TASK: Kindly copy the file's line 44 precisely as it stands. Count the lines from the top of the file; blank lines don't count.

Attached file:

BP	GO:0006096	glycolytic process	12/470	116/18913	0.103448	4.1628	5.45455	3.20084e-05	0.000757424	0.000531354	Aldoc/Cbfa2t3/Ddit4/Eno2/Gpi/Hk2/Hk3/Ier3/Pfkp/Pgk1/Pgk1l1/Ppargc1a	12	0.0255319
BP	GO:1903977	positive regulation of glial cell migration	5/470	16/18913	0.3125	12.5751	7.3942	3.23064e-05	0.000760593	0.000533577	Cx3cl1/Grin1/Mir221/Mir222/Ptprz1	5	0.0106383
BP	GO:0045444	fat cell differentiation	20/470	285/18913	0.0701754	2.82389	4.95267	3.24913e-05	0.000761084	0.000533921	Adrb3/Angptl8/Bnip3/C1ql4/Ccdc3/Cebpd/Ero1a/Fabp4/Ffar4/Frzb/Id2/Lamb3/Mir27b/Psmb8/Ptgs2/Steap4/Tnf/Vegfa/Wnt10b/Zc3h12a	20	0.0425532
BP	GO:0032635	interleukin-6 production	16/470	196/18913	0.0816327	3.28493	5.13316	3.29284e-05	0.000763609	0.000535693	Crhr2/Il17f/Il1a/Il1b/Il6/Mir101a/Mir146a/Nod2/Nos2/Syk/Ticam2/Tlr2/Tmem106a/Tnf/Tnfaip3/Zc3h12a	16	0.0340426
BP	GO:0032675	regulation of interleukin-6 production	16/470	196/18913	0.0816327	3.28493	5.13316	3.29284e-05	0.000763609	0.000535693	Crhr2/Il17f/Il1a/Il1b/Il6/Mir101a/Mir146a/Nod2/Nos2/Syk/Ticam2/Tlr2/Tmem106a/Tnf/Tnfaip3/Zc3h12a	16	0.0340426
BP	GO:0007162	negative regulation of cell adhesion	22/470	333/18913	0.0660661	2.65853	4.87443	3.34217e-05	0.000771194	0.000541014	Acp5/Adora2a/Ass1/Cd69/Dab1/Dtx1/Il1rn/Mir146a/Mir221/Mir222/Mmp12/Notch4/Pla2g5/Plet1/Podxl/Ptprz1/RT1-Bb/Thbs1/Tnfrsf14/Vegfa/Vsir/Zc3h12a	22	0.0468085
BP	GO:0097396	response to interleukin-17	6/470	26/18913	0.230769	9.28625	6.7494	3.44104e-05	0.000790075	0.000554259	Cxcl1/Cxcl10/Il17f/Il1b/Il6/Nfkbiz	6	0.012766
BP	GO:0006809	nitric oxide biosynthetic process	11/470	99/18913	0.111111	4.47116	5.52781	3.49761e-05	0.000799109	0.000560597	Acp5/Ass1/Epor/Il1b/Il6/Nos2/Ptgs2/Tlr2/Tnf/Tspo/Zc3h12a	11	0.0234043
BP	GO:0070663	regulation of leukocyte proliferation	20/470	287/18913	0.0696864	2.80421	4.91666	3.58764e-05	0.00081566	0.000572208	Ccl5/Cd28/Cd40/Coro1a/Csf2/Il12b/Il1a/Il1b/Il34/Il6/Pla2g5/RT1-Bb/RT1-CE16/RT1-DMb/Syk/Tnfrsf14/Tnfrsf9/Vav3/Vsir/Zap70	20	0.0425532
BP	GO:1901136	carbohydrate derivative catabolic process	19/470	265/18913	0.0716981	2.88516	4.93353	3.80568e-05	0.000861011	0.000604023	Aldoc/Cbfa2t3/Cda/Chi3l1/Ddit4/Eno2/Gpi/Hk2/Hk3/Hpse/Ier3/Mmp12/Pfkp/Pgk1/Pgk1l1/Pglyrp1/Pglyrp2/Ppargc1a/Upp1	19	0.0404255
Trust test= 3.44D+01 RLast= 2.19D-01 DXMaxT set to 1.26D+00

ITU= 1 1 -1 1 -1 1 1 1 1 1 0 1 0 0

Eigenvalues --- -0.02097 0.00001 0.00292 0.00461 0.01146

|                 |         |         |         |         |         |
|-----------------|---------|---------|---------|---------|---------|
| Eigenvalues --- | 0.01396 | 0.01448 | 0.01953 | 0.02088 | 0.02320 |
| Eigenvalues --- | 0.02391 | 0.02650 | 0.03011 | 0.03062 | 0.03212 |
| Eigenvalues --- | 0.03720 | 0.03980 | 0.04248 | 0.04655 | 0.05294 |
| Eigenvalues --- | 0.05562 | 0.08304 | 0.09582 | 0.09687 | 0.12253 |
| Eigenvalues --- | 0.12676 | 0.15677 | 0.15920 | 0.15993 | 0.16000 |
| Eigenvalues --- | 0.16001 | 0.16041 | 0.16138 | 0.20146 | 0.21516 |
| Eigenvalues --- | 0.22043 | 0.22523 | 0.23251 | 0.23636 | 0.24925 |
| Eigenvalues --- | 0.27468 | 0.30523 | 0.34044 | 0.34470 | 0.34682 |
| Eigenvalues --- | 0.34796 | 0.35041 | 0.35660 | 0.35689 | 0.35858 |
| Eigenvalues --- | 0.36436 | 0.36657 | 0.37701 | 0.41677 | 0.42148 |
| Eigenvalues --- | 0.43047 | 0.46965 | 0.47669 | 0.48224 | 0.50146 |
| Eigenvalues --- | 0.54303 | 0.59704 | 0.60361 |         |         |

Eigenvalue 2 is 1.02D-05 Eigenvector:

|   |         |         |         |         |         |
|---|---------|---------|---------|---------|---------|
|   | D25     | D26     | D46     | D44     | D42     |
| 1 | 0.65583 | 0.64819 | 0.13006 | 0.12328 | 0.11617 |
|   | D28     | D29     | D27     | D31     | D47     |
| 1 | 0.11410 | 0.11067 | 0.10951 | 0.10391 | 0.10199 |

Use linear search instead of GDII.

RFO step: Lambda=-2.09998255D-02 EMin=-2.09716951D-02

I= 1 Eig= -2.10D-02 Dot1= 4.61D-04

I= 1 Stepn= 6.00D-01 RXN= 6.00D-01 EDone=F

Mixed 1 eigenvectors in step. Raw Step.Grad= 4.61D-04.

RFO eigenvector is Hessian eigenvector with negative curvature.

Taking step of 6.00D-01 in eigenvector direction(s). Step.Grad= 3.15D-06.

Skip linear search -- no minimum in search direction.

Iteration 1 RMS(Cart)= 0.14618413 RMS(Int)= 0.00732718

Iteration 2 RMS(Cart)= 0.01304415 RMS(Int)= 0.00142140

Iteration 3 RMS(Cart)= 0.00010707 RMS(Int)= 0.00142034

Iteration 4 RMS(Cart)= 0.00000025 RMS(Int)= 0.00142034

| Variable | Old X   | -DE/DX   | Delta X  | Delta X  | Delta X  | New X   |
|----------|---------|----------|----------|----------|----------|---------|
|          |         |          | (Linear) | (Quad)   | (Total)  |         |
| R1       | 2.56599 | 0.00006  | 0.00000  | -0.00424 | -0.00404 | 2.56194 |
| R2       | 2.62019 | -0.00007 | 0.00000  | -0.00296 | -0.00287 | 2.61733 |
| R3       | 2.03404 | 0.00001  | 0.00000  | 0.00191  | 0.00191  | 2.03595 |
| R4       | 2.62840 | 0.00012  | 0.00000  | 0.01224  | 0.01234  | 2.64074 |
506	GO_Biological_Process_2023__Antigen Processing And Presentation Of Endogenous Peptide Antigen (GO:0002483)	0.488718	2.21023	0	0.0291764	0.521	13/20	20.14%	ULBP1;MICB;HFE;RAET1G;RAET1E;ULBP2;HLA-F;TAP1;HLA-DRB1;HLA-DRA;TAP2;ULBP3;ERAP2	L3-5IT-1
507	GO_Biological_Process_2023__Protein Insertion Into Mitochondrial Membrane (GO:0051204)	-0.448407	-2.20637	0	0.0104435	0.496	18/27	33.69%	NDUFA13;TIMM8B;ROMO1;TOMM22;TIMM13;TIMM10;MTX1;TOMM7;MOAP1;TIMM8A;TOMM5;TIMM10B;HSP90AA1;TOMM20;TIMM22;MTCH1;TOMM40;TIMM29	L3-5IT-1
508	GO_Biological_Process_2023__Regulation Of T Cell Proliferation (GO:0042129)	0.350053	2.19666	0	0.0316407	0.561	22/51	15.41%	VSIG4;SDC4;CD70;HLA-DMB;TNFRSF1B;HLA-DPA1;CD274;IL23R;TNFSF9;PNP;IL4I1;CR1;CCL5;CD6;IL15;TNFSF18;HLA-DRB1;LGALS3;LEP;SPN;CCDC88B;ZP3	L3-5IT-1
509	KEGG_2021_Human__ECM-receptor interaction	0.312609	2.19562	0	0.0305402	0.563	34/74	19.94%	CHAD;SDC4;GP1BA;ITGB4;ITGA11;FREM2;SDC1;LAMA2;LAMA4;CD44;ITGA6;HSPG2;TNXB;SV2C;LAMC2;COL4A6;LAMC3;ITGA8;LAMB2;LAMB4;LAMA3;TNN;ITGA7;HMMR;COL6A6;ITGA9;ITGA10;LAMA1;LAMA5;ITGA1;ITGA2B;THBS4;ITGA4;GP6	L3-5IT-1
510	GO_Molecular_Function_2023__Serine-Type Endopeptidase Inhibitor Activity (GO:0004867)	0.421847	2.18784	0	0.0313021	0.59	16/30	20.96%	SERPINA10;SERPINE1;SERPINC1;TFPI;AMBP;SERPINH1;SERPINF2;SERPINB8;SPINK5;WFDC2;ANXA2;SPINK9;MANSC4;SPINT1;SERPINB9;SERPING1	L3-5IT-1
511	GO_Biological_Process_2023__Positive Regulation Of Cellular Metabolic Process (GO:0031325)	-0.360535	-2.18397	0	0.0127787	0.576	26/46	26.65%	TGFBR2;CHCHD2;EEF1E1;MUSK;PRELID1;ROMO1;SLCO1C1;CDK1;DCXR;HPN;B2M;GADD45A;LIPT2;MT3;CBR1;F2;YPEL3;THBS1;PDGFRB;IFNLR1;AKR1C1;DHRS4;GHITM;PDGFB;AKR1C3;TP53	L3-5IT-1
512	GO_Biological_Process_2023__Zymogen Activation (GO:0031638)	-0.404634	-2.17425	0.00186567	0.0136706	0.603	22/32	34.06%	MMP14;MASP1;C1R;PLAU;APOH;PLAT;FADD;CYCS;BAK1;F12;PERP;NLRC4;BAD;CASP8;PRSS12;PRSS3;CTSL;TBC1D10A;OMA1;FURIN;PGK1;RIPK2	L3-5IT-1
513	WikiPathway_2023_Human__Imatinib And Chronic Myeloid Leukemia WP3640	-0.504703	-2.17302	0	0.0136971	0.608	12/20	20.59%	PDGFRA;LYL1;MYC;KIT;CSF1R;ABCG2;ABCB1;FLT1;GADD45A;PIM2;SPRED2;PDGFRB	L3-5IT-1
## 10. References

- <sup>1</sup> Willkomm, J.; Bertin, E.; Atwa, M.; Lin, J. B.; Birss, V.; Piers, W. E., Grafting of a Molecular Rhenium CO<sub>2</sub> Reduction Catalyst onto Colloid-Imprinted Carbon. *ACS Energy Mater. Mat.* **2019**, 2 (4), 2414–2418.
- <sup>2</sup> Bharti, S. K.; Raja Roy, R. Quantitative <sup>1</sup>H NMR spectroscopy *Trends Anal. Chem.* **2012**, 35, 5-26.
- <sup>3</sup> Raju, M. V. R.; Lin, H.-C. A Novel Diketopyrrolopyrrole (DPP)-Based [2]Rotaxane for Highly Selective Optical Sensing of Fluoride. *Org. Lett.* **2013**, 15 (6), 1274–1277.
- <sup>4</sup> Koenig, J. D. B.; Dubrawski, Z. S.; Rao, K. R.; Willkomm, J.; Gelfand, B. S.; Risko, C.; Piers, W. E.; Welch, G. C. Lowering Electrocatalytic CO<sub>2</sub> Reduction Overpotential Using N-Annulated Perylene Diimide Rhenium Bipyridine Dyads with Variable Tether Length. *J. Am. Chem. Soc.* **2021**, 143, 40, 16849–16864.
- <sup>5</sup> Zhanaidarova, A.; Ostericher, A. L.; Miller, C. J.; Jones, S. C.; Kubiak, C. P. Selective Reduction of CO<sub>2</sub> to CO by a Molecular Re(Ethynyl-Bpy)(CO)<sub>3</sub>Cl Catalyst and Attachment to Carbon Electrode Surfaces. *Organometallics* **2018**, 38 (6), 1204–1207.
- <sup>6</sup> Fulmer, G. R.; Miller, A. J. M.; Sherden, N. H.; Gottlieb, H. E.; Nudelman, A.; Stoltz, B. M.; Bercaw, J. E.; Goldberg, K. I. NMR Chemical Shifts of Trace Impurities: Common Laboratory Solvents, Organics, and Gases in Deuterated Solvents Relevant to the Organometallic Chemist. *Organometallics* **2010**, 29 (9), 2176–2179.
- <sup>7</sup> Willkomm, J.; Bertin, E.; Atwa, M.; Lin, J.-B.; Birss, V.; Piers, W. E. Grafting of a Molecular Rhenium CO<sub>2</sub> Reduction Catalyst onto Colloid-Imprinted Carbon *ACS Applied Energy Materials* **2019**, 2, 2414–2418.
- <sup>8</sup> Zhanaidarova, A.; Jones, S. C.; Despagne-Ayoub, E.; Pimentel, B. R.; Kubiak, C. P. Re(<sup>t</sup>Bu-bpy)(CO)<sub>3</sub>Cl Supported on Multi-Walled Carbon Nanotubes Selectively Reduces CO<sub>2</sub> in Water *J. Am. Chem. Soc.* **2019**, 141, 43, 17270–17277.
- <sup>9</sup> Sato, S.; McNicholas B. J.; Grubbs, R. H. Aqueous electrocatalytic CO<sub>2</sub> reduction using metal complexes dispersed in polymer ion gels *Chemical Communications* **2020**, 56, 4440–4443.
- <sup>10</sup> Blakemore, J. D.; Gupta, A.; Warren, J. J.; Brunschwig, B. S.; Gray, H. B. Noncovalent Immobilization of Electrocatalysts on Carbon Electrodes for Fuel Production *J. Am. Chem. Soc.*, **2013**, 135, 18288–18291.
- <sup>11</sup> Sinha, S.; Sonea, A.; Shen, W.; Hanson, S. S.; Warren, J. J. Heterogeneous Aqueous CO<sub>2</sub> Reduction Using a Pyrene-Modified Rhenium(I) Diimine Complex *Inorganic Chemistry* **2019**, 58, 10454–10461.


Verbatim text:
Iteration 2 RMS(Cart)= 0.01304415 RMS(Int)= 0.00142140